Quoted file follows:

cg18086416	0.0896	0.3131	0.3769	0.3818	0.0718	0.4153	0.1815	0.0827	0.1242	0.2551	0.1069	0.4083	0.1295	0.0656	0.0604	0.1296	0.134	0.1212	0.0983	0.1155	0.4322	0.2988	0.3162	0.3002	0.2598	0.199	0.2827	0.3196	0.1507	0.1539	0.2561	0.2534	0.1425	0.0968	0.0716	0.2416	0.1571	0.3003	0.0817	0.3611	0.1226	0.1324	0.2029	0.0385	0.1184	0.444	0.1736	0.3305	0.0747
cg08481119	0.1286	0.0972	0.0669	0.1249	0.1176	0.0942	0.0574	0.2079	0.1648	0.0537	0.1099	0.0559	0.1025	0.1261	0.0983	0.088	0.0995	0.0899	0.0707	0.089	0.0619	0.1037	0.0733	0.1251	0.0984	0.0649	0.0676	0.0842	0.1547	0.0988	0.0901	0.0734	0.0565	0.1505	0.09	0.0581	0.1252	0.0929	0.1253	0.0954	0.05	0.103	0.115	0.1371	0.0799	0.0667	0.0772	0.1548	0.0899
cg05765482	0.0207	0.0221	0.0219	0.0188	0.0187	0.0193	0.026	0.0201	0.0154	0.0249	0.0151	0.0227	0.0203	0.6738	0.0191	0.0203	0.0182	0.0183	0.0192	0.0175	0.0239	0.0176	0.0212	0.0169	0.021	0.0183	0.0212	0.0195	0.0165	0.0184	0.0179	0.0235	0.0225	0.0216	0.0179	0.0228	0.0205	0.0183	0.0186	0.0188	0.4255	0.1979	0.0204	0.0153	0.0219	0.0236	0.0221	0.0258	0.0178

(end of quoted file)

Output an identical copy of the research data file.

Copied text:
cg18086416	0.0896	0.3131	0.3769	0.3818	0.0718	0.4153	0.1815	0.0827	0.1242	0.2551	0.1069	0.4083	0.1295	0.0656	0.0604	0.1296	0.134	0.1212	0.0983	0.1155	0.4322	0.2988	0.3162	0.3002	0.2598	0.199	0.2827	0.3196	0.1507	0.1539	0.2561	0.2534	0.1425	0.0968	0.0716	0.2416	0.1571	0.3003	0.0817	0.3611	0.1226	0.1324	0.2029	0.0385	0.1184	0.444	0.1736	0.3305	0.0747
cg08481119	0.1286	0.0972	0.0669	0.1249	0.1176	0.0942	0.0574	0.2079	0.1648	0.0537	0.1099	0.0559	0.1025	0.1261	0.0983	0.088	0.0995	0.0899	0.0707	0.089	0.0619	0.1037	0.0733	0.1251	0.0984	0.0649	0.0676	0.0842	0.1547	0.0988	0.0901	0.0734	0.0565	0.1505	0.09	0.0581	0.1252	0.0929	0.1253	0.0954	0.05	0.103	0.115	0.1371	0.0799	0.0667	0.0772	0.1548	0.0899
cg05765482	0.0207	0.0221	0.0219	0.0188	0.0187	0.0193	0.026	0.0201	0.0154	0.0249	0.0151	0.0227	0.0203	0.6738	0.0191	0.0203	0.0182	0.0183	0.0192	0.0175	0.0239	0.0176	0.0212	0.0169	0.021	0.0183	0.0212	0.0195	0.0165	0.0184	0.0179	0.0235	0.0225	0.0216	0.0179	0.0228	0.0205	0.0183	0.0186	0.0188	0.4255	0.1979	0.0204	0.0153	0.0219	0.0236	0.0221	0.0258	0.0178